The fact that Guillermo del Toro, master of the horror genre, is a fan of Steve Burdniak's work tells you a lot about the Austin artist's work. Burdniak's assemblages use real human blood, mummified squirrels, octopus tentacles, centipedes and gyrating Mercedes hubcaps to create a mad scientist's lair befitting one of del Toro's films at Avis Frank Gallery.
The show, called "The Science of Surrealism," spans more than 20 years of the artist's celebrated career. And thanks to the timing of a new book of the same name, each piece is accompanied by engrossing stories by the artist explaining the spiritual inspirations, biological curiosities or just plain chance discoveries that helped the pieces come together.
The text is especially helpful in breaking down peculiar works such as Zeitgeist. Pulling back the chamber and bronze cast doors of the assemblage reveals a mummified squirrel, eternally fixed in the sad, broken state Brudniak found it in under his home. It's one of the artist's favorite pieces -- one he pulled from a private collection in a show made up mostly of unsold works just to have included here.
If you like this story, consider signing up for our email newsletters.
SHOW ME HOW
You have successfully signed up for your selected newsletter(s) - please keep an eye on your mailbox, we're movin' in!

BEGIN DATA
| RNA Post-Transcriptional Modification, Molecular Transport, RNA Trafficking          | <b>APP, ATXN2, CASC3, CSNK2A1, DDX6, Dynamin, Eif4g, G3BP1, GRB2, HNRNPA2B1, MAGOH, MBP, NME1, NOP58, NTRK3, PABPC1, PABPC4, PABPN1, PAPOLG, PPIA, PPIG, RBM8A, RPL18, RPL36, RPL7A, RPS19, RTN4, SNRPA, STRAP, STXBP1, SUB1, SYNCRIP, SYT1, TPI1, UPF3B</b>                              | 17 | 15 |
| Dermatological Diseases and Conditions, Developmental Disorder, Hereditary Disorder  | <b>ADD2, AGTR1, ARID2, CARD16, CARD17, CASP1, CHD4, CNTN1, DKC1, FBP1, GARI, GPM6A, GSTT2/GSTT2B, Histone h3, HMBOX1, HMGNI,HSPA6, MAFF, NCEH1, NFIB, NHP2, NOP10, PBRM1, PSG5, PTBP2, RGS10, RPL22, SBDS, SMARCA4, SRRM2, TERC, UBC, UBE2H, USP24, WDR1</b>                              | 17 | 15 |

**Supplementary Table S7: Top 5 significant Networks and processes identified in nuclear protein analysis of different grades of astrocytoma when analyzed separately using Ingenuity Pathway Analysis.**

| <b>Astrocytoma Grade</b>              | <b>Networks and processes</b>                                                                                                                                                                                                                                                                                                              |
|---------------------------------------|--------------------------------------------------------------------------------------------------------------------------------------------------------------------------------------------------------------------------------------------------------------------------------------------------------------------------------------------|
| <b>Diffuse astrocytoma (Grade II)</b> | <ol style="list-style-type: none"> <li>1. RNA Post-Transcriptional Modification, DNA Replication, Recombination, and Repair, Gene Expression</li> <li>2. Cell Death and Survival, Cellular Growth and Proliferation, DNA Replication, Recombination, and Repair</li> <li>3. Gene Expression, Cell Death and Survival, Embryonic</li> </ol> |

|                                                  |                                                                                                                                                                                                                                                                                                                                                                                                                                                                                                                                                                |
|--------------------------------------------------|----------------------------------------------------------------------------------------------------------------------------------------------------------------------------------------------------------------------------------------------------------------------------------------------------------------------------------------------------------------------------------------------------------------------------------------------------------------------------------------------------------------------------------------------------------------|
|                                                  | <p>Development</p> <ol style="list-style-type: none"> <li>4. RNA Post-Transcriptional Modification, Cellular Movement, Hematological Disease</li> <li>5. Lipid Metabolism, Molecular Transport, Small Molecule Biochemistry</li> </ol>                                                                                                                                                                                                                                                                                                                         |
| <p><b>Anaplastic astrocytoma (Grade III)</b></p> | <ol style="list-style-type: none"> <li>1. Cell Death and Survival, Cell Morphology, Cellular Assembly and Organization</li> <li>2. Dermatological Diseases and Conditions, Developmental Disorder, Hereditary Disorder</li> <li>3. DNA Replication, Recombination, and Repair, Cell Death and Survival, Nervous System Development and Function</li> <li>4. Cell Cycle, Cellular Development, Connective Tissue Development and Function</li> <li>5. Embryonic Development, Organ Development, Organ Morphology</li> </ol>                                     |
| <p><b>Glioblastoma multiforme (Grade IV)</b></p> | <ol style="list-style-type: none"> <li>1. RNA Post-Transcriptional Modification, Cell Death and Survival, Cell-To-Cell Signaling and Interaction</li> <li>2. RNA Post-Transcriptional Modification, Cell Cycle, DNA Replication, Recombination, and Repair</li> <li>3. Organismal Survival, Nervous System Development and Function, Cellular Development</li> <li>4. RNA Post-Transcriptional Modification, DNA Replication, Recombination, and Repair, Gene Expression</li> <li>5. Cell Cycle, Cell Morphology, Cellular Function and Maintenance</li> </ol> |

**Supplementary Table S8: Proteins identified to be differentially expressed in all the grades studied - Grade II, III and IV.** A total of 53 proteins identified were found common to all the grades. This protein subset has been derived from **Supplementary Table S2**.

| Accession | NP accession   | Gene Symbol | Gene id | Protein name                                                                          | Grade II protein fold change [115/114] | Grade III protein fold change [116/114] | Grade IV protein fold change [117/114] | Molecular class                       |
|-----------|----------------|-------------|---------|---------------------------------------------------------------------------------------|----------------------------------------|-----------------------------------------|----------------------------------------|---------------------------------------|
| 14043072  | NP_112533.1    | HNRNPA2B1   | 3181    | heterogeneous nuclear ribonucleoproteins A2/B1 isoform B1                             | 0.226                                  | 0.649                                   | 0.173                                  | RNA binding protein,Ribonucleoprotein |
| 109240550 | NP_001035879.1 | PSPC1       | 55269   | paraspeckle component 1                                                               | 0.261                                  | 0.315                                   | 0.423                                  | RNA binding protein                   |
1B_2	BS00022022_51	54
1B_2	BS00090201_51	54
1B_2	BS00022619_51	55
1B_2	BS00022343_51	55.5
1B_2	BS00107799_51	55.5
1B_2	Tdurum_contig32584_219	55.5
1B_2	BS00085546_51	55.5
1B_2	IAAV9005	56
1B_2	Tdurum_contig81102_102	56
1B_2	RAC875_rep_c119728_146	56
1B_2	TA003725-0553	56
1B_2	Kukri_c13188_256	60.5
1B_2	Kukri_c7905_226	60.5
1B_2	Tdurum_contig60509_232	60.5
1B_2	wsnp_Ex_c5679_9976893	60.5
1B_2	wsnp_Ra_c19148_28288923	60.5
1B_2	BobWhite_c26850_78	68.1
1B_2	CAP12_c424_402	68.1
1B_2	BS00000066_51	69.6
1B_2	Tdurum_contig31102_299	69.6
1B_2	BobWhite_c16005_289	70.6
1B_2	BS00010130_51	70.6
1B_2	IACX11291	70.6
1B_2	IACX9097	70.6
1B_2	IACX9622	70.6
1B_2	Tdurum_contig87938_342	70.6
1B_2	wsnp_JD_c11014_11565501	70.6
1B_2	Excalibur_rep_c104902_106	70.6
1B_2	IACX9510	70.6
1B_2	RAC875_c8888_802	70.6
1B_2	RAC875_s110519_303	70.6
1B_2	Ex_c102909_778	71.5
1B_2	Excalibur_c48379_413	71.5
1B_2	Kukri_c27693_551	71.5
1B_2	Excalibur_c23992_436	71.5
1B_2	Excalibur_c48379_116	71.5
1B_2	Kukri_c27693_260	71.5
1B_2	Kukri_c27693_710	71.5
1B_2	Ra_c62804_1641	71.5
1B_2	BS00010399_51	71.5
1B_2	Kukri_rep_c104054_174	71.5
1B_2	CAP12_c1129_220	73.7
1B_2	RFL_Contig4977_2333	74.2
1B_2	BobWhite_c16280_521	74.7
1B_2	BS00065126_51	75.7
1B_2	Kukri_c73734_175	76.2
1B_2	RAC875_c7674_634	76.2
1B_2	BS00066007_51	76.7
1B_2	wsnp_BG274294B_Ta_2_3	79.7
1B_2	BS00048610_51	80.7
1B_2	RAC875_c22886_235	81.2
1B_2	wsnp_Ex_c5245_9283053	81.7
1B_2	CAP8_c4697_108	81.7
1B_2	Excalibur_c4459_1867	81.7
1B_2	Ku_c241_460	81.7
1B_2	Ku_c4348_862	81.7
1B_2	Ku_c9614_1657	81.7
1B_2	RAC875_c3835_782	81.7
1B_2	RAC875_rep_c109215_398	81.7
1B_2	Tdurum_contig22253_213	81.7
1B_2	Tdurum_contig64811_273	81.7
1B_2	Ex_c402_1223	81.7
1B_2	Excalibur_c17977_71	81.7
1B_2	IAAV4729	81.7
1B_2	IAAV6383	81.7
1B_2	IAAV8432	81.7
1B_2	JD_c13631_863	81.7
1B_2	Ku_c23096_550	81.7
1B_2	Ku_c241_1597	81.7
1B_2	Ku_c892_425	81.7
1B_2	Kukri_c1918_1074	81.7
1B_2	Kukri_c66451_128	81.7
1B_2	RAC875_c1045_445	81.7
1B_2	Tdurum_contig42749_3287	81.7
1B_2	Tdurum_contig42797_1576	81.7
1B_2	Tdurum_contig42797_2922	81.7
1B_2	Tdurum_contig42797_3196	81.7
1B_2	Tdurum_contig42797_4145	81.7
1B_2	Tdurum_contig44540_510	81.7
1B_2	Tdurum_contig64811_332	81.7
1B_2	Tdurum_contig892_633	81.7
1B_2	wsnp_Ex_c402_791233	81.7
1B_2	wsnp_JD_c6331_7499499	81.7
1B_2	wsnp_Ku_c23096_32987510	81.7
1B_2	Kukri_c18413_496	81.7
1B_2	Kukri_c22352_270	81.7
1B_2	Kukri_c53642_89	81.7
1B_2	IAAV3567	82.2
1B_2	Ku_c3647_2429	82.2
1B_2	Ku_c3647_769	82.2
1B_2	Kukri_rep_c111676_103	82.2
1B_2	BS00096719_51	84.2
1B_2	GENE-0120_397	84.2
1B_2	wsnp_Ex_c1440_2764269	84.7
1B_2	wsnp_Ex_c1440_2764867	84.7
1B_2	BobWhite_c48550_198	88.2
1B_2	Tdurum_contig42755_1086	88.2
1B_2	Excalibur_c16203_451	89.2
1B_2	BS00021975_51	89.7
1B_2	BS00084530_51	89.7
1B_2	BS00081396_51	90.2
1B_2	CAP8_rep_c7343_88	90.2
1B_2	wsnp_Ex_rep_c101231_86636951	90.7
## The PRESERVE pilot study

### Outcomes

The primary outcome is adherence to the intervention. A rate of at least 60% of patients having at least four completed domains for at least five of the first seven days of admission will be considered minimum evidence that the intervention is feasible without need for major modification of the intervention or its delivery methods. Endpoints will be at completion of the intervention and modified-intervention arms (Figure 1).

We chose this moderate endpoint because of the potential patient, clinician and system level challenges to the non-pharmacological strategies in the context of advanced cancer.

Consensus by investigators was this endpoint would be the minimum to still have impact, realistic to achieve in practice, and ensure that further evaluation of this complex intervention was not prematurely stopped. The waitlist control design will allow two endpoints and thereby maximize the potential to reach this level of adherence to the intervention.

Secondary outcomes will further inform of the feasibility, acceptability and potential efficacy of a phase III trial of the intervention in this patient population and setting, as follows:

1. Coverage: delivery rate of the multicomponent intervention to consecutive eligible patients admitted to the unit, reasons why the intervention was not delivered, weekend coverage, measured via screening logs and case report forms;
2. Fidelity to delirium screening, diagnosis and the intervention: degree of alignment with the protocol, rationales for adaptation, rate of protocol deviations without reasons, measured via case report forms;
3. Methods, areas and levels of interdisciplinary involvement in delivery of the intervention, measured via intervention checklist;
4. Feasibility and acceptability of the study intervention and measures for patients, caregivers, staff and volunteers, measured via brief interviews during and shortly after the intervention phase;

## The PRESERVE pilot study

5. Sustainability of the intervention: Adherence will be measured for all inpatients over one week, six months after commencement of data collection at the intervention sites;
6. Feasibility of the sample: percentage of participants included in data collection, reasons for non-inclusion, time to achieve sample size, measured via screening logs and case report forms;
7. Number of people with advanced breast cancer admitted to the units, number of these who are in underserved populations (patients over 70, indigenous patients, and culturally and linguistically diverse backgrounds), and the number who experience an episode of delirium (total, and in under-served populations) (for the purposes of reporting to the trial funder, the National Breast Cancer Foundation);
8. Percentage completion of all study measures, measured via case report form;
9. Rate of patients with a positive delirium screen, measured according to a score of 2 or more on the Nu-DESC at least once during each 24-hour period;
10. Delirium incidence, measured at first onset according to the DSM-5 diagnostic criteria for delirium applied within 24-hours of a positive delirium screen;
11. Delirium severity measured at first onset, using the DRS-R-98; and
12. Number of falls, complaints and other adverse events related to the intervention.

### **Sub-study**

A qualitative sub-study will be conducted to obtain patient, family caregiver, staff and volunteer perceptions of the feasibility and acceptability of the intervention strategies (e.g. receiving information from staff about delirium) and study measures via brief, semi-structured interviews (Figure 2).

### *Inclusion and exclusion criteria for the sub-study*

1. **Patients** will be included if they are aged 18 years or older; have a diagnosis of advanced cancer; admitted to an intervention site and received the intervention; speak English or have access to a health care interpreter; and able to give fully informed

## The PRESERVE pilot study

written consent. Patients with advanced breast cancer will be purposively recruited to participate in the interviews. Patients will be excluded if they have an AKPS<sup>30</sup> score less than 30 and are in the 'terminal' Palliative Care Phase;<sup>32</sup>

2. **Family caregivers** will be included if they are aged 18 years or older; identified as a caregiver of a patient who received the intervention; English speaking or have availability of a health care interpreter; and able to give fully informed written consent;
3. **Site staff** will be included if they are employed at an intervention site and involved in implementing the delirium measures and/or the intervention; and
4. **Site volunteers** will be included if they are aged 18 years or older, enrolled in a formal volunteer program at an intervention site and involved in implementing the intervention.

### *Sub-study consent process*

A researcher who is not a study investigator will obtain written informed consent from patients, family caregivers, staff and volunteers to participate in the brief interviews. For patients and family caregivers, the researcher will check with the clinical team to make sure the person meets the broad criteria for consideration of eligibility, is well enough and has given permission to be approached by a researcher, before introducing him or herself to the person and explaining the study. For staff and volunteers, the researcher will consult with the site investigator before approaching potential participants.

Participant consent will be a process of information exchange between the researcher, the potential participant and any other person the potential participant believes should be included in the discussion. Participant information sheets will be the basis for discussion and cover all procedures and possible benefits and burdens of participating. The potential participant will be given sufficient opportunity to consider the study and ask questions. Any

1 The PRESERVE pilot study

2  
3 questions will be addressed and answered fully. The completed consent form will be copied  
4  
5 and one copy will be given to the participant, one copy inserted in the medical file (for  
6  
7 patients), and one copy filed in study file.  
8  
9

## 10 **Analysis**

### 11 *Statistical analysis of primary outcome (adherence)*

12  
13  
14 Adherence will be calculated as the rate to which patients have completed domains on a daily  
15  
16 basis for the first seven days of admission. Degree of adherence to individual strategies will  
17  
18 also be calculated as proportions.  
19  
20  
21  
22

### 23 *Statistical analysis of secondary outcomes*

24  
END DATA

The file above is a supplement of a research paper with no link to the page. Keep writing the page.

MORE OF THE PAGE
The wall text is also helpful in providing instructions for fully experiencing the works. Many of the pieces on display demand some participation from viewer, whether it's opening the doors of Zeitgeist to the hands-on Ulteriaphobia. The self-described "altar to anxieties" invites you to put your hands on a giant pair of handprints in the cast concrete. If you feel any foreboding sense of hesitancy, your fear is confirmed as, thanks to a nerve stimulator, you're rewarded with a continuous jolt of a low current. It's oddly gratifying.
Other works can instill fear in you without the threat of physical pain, just a clever illusion. The Gulf of Pandemonium features a safe door portal, cast concrete and some centrally placed motor oil placed right on the gallery floor so that looks like it leads to a hellish abyss.
And that's how it goes throughout much of the show -- works that alternate between being disturbing and exhilarating. There are plenty more works to talk about, but that would just ruin the surprise.
"The Science of Surrealism" at Avis Frank Gallery, 1606 White Oak Drive, runs now through June 5. For more information, call 713-231-8967or visit www.avisfrank.com.